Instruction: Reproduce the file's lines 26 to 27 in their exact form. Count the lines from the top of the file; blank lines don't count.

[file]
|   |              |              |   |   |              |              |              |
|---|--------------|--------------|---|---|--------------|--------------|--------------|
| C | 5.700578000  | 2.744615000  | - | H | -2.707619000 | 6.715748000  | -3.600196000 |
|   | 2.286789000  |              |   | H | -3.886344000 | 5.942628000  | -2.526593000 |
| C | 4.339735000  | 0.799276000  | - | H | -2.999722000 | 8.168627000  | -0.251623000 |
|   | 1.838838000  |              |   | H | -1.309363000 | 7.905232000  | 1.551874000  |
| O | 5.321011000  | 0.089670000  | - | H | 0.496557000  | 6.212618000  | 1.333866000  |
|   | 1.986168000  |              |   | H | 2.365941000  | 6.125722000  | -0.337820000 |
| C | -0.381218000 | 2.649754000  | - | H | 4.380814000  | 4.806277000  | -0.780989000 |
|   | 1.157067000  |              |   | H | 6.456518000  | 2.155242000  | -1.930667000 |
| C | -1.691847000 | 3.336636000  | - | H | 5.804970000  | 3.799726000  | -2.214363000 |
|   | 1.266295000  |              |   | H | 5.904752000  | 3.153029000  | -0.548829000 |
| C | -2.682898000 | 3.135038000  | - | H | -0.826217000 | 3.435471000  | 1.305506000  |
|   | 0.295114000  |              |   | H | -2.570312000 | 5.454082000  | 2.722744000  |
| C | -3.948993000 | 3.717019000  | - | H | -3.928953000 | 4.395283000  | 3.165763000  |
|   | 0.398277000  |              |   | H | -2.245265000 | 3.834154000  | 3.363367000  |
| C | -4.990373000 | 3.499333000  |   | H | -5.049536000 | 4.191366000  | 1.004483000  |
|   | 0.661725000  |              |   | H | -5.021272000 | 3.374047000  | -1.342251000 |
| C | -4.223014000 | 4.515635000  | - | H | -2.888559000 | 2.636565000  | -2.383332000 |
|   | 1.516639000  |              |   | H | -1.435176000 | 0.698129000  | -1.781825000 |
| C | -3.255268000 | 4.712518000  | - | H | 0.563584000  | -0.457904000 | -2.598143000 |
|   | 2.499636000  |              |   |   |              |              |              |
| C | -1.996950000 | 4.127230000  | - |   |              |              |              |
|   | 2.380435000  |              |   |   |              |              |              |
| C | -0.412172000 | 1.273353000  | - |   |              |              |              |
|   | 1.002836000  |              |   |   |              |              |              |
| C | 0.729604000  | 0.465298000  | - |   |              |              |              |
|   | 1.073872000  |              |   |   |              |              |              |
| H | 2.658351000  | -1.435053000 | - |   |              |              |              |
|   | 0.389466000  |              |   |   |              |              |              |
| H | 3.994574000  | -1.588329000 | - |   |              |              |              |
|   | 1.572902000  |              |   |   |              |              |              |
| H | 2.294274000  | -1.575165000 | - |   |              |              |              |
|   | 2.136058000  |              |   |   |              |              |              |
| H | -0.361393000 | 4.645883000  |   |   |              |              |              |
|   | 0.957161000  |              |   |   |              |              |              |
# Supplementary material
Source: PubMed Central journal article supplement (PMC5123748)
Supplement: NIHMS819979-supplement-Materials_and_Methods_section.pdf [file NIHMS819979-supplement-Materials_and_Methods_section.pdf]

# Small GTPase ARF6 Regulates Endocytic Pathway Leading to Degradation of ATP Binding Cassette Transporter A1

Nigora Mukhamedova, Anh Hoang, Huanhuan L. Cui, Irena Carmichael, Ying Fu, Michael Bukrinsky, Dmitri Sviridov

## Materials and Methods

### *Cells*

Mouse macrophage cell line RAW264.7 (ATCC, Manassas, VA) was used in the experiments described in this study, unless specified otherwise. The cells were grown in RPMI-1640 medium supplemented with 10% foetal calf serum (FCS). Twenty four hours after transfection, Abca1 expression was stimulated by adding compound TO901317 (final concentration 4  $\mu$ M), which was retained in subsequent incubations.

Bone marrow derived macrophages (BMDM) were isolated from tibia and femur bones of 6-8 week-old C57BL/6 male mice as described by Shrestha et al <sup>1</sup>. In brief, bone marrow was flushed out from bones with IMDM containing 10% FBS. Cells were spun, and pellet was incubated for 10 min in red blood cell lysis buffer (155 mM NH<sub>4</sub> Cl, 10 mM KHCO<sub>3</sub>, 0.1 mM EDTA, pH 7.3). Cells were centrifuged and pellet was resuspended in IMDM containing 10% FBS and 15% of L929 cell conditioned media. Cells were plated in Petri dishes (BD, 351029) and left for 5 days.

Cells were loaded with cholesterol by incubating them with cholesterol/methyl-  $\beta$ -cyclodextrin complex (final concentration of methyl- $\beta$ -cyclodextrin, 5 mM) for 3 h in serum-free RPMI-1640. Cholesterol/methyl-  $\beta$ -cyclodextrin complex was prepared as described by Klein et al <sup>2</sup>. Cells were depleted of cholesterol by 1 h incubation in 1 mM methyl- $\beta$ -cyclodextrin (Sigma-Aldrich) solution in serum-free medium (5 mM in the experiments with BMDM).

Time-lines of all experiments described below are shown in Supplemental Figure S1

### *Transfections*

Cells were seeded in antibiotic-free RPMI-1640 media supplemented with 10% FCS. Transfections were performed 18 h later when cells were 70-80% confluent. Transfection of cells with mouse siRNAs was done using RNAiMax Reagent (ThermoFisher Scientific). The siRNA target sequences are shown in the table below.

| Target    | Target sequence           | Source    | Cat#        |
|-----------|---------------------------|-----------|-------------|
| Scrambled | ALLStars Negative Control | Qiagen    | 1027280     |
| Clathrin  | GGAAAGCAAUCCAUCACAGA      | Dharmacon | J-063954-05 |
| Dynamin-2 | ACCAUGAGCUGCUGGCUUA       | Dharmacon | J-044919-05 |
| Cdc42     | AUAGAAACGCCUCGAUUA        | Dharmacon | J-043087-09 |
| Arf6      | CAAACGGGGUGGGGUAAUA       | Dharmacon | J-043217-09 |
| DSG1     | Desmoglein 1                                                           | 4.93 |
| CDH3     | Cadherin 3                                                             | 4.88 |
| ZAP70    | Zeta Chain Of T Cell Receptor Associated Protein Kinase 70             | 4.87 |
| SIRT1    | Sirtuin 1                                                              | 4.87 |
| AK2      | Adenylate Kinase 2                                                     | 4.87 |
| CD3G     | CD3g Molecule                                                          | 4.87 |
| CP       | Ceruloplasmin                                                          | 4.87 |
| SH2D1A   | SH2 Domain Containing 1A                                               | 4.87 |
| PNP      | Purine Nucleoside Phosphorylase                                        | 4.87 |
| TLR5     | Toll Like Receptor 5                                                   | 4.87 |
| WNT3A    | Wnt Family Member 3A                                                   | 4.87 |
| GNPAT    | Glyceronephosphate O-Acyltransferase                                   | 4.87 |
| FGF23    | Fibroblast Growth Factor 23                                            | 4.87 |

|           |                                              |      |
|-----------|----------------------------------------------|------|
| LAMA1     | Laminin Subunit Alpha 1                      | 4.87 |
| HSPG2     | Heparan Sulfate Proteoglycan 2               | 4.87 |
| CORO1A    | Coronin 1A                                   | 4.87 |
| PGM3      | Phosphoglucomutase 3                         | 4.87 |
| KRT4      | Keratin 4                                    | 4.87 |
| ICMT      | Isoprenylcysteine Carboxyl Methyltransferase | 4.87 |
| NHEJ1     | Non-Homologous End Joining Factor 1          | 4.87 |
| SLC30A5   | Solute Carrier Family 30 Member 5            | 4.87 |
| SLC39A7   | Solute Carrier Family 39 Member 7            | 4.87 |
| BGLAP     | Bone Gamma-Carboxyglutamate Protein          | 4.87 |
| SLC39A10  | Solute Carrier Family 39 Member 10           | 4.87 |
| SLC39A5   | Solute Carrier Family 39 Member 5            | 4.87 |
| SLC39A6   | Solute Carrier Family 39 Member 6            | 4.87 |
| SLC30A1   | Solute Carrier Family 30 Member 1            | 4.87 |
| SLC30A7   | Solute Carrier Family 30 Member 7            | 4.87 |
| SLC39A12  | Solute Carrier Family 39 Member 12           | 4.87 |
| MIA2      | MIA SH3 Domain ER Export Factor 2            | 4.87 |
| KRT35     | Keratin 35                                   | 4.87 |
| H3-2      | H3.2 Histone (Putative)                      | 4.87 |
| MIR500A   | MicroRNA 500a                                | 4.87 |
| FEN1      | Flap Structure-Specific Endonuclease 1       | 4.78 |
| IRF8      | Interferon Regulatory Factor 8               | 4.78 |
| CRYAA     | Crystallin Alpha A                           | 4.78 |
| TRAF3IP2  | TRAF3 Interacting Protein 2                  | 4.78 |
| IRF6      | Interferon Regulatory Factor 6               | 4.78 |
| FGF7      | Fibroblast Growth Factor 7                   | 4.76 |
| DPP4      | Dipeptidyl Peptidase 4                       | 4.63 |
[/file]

|   | 1.002836000  |              |   |   |              |              |              |
| C | 0.729604000  | 0.465298000  | - |   |              |              |              |